The folks that bring us Pepsi, Tropicana and Gatorade have done the product management world a favor by performing a very large logo experiment in public.
- Tropicana went for a radical new package design dropping their familiar ‘straw in an orange’ image for what I consider a rather generic box.
- Gatorade traded the logo and their name for a large letter G and reduced lightning bolt.
- Pepsi traded their single circle for a series of happy faces and fat birds and stylized type.
I’ve reported disasterous Tropicana numbers earlier (down 20%) and that they have abandoned the logo change.
Evidently the Gatorade numbers are just as terrible down more than 13% in the first quarter (with Powerade picking up 6 points of marketshare). My guess is they won’t backtrack here. (Two admissions of extreme error in a six month period. Nope.) (UPDATE BELOW)
I haven’t seen anything about Pepsi results, but for the most part you could still tell a Pepsi bottle was a Pepsi bottle so there isn’t much to expect. I doubt consumers pay much attention to Fat Pepsi logo vs Thin Pepsi logo, but if it makes corporate happy… This is a different strategy from the cloak of invisibility delivered by the Tropicana and Gatorade redesigns.
Here are a few things I am assuming about the decision to bring such radical change to Tropicana and Gatorade.
- Each brand is facing serious challenges to their dominance and therefore alarm bells were ringing.
- Folks within each organization were tired of the old ‘been there for years’ logos.
- They hired a ‘branding’ agency. (Heavy sigh. I’ll save the rant for later.)
Humans get tired of things. I get it.
Change is good. Fabulous.
Old packaging design gets dated. You might become a nostalgia brand, or heaven forbid, a drink for old people.
Was there panic? I don’t know. Certainly somebody, somewhere wanted to put their imprint on some classic American brands.
Three lessons from this very public experiment.
- First – While logo design is critical, most of a logo’s (and package’s) power comes from FAMILIARITY. Both Gatorade and Tropicana became invisible overnight. Customers had to look for them and therefore had an extra second to make a different choice.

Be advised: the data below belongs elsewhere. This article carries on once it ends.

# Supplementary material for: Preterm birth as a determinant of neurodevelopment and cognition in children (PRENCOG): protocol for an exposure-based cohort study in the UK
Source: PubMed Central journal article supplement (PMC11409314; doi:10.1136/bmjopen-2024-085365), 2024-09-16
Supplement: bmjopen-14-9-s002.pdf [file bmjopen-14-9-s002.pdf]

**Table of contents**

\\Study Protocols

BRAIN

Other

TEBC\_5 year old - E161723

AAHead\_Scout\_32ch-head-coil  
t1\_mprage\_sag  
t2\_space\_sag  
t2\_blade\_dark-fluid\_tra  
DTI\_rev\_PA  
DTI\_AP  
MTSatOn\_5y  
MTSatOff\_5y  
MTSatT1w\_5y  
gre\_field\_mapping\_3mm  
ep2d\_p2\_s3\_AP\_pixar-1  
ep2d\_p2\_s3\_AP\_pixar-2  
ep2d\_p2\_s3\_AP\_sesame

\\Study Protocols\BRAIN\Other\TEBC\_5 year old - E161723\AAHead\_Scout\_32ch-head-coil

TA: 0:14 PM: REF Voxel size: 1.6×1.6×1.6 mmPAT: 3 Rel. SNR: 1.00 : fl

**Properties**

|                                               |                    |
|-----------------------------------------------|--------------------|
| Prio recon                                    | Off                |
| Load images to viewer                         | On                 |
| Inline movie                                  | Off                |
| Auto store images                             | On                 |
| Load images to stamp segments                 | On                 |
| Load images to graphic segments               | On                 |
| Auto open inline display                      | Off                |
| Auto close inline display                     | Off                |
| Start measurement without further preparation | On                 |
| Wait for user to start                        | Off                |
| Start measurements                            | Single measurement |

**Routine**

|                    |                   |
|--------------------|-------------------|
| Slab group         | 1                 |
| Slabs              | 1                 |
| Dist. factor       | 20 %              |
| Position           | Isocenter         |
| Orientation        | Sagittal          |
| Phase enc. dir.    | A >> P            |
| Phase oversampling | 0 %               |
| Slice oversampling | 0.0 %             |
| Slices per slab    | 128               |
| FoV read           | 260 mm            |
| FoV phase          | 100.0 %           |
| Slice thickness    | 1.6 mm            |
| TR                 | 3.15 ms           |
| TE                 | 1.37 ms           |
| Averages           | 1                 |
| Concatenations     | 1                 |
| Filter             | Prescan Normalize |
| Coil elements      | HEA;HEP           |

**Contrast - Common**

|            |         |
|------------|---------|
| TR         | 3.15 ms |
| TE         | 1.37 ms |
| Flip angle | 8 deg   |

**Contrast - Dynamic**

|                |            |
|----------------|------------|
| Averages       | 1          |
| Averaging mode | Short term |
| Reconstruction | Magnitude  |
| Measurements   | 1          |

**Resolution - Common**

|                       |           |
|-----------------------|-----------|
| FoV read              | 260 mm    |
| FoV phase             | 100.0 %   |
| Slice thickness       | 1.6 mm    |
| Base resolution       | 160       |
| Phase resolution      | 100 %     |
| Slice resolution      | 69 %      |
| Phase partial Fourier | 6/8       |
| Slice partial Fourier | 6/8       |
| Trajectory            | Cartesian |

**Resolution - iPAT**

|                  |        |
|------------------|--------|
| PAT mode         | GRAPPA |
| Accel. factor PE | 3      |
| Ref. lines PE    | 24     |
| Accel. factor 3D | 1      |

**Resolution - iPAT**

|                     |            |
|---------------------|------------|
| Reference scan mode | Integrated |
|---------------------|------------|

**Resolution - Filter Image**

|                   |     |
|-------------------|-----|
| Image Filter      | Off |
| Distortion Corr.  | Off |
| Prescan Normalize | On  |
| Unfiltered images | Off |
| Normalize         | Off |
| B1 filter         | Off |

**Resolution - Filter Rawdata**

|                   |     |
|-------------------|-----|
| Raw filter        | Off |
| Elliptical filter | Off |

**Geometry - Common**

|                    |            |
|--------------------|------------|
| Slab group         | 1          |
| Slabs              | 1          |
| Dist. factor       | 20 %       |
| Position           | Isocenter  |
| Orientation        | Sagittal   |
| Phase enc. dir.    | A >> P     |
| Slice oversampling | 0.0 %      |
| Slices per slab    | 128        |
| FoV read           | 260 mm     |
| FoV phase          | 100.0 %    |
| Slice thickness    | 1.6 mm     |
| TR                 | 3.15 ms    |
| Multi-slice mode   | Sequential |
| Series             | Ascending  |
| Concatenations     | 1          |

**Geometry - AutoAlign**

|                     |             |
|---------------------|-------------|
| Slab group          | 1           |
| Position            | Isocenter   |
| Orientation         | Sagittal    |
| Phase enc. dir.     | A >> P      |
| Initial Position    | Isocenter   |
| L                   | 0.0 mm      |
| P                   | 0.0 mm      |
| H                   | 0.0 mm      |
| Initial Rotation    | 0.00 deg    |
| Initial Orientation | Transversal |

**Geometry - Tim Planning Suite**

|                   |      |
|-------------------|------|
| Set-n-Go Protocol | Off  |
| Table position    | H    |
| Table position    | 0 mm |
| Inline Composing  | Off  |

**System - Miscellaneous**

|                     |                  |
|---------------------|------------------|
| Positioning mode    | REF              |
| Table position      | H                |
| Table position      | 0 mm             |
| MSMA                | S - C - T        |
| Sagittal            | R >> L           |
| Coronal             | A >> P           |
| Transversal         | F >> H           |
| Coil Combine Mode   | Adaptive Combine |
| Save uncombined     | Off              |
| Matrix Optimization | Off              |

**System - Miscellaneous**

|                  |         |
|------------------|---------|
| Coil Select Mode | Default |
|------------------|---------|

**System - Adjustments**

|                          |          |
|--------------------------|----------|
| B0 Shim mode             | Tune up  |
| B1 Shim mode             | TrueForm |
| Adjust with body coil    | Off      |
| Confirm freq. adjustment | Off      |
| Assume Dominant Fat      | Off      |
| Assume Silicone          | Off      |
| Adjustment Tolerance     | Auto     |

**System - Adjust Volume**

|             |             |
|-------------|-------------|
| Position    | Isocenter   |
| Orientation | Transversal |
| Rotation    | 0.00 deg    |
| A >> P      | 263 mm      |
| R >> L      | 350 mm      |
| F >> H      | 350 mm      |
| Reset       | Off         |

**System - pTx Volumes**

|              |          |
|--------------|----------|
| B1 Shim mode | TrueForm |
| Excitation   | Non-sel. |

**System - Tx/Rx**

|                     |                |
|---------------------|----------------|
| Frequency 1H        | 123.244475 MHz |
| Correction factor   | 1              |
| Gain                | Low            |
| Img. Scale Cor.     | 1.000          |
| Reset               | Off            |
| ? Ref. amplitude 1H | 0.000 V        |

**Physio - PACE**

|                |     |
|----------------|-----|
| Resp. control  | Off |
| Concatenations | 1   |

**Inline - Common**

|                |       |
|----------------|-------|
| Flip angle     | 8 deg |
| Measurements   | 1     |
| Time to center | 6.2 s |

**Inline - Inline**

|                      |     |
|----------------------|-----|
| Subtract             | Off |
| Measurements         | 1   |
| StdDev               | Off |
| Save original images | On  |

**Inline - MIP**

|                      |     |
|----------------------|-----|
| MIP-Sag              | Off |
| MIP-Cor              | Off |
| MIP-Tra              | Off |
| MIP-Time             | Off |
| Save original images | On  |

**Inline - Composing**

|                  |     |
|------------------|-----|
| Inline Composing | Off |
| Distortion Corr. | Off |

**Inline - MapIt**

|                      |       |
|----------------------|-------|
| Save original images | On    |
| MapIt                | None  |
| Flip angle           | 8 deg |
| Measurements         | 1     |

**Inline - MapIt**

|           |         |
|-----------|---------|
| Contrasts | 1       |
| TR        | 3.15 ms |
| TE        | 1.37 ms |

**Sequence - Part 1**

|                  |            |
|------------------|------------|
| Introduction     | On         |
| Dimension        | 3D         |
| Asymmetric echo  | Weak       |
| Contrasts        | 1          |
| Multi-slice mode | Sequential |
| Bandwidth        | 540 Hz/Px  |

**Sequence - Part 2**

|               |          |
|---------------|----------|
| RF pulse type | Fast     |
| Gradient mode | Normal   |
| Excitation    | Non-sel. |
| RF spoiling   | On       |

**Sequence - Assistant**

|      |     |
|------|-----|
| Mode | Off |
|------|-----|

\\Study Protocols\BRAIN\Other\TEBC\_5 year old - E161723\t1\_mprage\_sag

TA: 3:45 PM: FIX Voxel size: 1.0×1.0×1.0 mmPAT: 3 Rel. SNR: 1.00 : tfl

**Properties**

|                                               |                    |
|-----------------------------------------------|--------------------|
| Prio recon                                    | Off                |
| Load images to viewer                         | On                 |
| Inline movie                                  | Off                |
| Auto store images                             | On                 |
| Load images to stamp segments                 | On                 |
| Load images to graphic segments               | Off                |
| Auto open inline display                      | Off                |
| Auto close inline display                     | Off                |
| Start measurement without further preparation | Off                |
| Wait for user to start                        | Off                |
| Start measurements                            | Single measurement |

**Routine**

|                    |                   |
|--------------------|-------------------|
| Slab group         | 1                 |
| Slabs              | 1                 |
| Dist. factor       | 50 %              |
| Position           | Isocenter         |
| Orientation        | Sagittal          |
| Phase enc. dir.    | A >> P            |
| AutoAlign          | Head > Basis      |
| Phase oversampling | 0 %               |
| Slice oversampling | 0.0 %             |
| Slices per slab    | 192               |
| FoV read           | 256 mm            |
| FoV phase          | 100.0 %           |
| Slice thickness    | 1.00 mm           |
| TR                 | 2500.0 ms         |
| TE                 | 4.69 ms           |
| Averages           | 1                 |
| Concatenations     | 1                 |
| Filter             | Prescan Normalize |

- Second – Changes to familiar brands need to be made with care. Huge advertising budgets don’t necessarily equate to awareness at the shelf. (Anybody remember when Arco changed to Amoco, or visa versa? The cardboard cutout of the gas pump attendent changing the sign was up for several months in the midwest.)
- Third – Watch out for what research is really telling you. This was too big of a change to not been researched the heck out of. Most of the time failure here revolves around experiment design (examine logos in a focus group room rather than on the shelf of a real store) or the results are ignored cause ‘change is good.’
The landscape is littered with name, logo and packaging changes gone bad, so you would really think folks would know better by now.
UPDATE/CLARIFICATION 07/28/09: The misfire becomes more obvious when I compare apples to apples. The 13% decline was in sales. Gatorade lost about 6 percent in market share which was almost entirely picked up by Powerade. This makes the following quote from PepsiCo CEO Indra Nooyi all that more amazing (July 23 Wall Street Journal Subscription probably needed) “Clearly some of those [former] users switched to cheaper alternatives” and in some cases soft drinks, she said in an earnings conference call. “They didn’t have a right to exist in the Gatorade world,” they just liked the taste.
I can’t even begin to address how wrong that sounds.